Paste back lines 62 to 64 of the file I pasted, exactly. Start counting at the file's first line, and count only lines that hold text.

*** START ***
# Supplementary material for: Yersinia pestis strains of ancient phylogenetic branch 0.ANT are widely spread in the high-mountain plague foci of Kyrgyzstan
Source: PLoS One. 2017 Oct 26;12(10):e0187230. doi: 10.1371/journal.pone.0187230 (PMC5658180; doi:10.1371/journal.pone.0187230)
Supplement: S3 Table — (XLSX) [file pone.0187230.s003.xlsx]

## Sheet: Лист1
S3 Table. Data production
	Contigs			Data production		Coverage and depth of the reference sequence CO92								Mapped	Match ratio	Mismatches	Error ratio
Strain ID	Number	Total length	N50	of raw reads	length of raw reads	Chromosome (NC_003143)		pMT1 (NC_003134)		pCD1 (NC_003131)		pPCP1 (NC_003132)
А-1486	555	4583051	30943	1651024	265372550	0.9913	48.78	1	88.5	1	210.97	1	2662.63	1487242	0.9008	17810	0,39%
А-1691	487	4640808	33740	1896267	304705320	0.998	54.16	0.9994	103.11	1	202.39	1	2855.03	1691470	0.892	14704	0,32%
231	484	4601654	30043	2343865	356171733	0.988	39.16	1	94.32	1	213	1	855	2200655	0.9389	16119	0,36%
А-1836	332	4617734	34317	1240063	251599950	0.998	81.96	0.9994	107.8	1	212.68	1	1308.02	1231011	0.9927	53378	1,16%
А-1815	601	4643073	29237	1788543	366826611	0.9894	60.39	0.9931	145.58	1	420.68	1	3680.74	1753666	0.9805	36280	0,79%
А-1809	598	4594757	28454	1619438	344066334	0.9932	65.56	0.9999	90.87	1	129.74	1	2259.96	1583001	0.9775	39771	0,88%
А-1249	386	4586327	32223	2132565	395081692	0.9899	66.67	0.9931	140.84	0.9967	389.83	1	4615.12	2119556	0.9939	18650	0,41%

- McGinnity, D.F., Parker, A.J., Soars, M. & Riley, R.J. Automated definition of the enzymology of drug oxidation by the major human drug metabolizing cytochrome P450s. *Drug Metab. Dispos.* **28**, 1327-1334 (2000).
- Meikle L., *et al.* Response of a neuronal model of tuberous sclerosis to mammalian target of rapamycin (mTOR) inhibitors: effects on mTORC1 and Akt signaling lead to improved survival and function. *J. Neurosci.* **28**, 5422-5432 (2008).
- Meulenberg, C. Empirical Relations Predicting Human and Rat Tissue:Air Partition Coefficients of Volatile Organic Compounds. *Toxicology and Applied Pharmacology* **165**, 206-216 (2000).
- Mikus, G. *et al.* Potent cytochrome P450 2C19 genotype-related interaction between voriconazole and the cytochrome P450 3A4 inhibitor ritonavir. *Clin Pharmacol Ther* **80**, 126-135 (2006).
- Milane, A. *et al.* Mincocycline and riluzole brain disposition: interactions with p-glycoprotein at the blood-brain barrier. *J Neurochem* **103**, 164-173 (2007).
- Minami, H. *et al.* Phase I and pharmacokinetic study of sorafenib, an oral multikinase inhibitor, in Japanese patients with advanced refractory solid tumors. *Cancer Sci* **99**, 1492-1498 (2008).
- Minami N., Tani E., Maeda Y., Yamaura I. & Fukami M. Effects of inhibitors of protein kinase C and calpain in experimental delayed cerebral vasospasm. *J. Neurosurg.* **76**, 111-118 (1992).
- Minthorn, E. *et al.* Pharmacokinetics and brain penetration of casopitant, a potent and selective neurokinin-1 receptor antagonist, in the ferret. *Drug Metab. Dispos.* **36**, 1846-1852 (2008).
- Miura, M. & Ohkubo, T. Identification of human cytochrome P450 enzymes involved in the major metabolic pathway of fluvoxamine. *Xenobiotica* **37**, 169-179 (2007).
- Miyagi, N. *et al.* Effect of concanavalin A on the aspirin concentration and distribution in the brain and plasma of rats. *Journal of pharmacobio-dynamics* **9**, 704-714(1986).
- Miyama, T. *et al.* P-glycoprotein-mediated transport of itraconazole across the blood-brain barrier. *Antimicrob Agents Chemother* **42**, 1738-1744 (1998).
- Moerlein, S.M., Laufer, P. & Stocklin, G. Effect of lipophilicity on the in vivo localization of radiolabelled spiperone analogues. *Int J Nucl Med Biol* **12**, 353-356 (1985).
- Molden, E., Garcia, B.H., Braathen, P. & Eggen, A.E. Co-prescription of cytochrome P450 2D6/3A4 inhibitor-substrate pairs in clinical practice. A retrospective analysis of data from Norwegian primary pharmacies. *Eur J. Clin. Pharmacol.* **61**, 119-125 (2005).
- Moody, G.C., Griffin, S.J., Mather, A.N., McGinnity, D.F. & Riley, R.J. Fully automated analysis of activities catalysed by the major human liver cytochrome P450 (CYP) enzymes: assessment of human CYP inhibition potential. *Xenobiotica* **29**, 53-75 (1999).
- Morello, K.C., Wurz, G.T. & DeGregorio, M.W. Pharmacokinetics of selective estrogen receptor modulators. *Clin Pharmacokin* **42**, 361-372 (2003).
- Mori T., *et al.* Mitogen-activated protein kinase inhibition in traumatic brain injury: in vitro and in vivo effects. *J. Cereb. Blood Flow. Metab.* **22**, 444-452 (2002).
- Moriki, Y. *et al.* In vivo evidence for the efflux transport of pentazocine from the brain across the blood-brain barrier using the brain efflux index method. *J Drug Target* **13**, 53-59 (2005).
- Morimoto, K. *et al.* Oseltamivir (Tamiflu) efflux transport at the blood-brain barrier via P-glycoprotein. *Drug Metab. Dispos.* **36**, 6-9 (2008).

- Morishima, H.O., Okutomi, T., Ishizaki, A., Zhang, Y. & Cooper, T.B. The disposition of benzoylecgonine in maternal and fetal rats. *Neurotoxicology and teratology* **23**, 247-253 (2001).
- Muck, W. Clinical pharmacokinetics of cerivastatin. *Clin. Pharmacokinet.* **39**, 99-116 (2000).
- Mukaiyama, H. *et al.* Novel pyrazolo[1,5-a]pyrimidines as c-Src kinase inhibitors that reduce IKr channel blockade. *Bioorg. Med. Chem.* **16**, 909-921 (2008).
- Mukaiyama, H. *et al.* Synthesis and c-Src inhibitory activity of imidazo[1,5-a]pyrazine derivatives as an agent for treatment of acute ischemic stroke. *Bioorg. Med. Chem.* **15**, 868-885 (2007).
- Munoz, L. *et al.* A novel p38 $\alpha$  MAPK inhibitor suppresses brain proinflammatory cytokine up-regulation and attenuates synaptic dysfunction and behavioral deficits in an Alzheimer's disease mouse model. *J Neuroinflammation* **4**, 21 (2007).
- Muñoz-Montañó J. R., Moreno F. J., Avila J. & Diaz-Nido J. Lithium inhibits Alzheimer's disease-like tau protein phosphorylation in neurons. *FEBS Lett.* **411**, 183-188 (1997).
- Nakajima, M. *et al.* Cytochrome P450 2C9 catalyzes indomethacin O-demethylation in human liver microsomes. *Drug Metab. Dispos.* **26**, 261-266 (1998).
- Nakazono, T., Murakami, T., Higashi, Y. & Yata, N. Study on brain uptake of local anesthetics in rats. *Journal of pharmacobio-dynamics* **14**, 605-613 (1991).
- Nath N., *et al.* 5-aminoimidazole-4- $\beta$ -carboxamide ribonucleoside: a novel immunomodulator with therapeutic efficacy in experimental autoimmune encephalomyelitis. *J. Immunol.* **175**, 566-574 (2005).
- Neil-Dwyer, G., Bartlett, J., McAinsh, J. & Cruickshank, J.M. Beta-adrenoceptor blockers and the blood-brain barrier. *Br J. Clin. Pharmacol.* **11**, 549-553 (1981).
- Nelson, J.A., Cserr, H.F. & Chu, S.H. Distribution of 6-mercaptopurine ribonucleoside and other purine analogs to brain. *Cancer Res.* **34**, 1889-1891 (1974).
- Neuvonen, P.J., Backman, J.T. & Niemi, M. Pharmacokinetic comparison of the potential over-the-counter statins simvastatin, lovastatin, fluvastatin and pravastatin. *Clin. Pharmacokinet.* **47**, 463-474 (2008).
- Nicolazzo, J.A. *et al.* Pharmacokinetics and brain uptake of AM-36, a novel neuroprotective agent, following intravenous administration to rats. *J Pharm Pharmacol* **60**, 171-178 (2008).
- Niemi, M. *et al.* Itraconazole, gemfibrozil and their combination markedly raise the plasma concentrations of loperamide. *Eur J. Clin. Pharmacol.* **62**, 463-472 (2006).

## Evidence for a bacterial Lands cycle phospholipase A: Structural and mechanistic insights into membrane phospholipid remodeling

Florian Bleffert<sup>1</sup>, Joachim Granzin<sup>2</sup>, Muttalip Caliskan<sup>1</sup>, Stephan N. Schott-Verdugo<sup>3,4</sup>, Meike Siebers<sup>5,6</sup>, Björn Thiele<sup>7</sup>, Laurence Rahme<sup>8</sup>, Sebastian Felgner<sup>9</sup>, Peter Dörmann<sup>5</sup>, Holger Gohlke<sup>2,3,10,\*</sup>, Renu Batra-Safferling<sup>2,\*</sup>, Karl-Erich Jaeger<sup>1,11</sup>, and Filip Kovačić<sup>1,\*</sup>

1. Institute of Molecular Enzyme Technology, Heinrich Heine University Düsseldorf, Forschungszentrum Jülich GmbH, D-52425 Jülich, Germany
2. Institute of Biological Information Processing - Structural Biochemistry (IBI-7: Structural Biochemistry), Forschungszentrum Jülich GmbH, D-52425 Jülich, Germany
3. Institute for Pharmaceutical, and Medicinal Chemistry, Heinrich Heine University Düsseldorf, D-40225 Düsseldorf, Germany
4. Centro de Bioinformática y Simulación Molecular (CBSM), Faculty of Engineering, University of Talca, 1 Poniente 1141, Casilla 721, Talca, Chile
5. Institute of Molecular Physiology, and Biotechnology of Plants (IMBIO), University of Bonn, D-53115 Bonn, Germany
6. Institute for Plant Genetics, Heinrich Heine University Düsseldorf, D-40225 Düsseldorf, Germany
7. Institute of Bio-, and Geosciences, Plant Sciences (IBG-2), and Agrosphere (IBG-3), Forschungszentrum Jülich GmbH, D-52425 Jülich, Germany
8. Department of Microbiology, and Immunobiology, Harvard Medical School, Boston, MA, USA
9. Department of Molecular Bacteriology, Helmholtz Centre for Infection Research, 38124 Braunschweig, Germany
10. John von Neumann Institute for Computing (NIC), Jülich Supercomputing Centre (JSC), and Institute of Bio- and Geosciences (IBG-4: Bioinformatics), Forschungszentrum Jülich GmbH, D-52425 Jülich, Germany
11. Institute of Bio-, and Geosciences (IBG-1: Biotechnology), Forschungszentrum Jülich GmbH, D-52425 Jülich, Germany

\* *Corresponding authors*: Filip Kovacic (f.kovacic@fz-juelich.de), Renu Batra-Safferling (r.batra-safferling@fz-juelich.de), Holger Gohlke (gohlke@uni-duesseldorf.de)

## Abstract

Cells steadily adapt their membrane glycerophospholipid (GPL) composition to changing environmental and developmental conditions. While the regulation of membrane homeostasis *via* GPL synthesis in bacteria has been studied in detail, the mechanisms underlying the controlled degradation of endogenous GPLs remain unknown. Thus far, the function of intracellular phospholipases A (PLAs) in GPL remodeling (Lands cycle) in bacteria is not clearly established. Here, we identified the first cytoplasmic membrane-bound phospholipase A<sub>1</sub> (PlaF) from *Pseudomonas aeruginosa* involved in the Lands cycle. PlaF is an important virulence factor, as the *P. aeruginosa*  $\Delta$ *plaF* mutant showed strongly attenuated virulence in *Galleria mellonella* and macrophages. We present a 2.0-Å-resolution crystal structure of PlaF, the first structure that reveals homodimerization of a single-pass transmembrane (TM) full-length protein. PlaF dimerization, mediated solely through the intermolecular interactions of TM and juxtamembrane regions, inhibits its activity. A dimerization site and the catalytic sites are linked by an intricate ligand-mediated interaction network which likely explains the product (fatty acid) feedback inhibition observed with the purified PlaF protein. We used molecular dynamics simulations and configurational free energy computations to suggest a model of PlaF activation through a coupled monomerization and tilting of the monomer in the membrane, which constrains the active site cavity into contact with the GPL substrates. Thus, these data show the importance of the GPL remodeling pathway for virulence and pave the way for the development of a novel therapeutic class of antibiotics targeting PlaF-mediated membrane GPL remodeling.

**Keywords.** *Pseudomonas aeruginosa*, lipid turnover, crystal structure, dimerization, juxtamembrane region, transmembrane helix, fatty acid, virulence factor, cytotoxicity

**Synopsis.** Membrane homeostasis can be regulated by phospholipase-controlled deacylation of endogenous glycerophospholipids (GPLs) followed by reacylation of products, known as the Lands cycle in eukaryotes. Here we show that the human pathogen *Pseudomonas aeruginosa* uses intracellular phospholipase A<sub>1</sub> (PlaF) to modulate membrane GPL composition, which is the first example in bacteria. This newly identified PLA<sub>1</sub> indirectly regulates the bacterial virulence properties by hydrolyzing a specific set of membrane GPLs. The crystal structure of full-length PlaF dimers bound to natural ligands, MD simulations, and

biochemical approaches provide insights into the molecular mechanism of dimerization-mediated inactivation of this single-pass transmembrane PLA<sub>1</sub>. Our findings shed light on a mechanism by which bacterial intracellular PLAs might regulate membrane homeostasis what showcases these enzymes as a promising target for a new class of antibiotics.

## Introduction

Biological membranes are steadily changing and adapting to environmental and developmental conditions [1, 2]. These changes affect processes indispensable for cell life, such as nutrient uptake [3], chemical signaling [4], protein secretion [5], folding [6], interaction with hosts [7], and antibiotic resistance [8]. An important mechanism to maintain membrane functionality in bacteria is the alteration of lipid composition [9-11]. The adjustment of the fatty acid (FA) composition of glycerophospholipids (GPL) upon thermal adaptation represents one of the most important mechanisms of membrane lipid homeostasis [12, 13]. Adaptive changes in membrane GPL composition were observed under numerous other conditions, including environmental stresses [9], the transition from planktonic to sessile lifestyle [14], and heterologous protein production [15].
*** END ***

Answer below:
Cells steadily adapt their membrane glycerophospholipid (GPL) composition to changing environmental and developmental conditions. While the regulation of membrane homeostasis *via* GPL synthesis in bacteria has been studied in detail, the mechanisms underlying the controlled degradation of endogenous GPLs remain unknown. Thus far, the function of intracellular phospholipases A (PLAs) in GPL remodeling (Lands cycle) in bacteria is not clearly established. Here, we identified the first cytoplasmic membrane-bound phospholipase A<sub>1</sub> (PlaF) from *Pseudomonas aeruginosa* involved in the Lands cycle. PlaF is an important virulence factor, as the *P. aeruginosa*  $\Delta$ *plaF* mutant showed strongly attenuated virulence in *Galleria mellonella* and macrophages. We present a 2.0-Å-resolution crystal structure of PlaF, the first structure that reveals homodimerization of a single-pass transmembrane (TM) full-length protein. PlaF dimerization, mediated solely through the intermolecular interactions of TM and juxtamembrane regions, inhibits its activity. A dimerization site and the catalytic sites are linked by an intricate ligand-mediated interaction network which likely explains the product (fatty acid) feedback inhibition observed with the purified PlaF protein. We used molecular dynamics simulations and configurational free energy computations to suggest a model of PlaF activation through a coupled monomerization and tilting of the monomer in the membrane, which constrains the active site cavity into contact with the GPL substrates. Thus, these data show the importance of the GPL remodeling pathway for virulence and pave the way for the development of a novel therapeutic class of antibiotics targeting PlaF-mediated membrane GPL remodeling.

**Keywords.** *Pseudomonas aeruginosa*, lipid turnover, crystal structure, dimerization, juxtamembrane region, transmembrane helix, fatty acid, virulence factor, cytotoxicity

**Synopsis.** Membrane homeostasis can be regulated by phospholipase-controlled deacylation of endogenous glycerophospholipids (GPLs) followed by reacylation of products, known as the Lands cycle in eukaryotes. Here we show that the human pathogen *Pseudomonas aeruginosa* uses intracellular phospholipase A<sub>1</sub> (PlaF) to modulate membrane GPL composition, which is the first example in bacteria. This newly identified PLA<sub>1</sub> indirectly regulates the bacterial virulence properties by hydrolyzing a specific set of membrane GPLs. The crystal structure of full-length PlaF dimers bound to natural ligands, MD simulations, and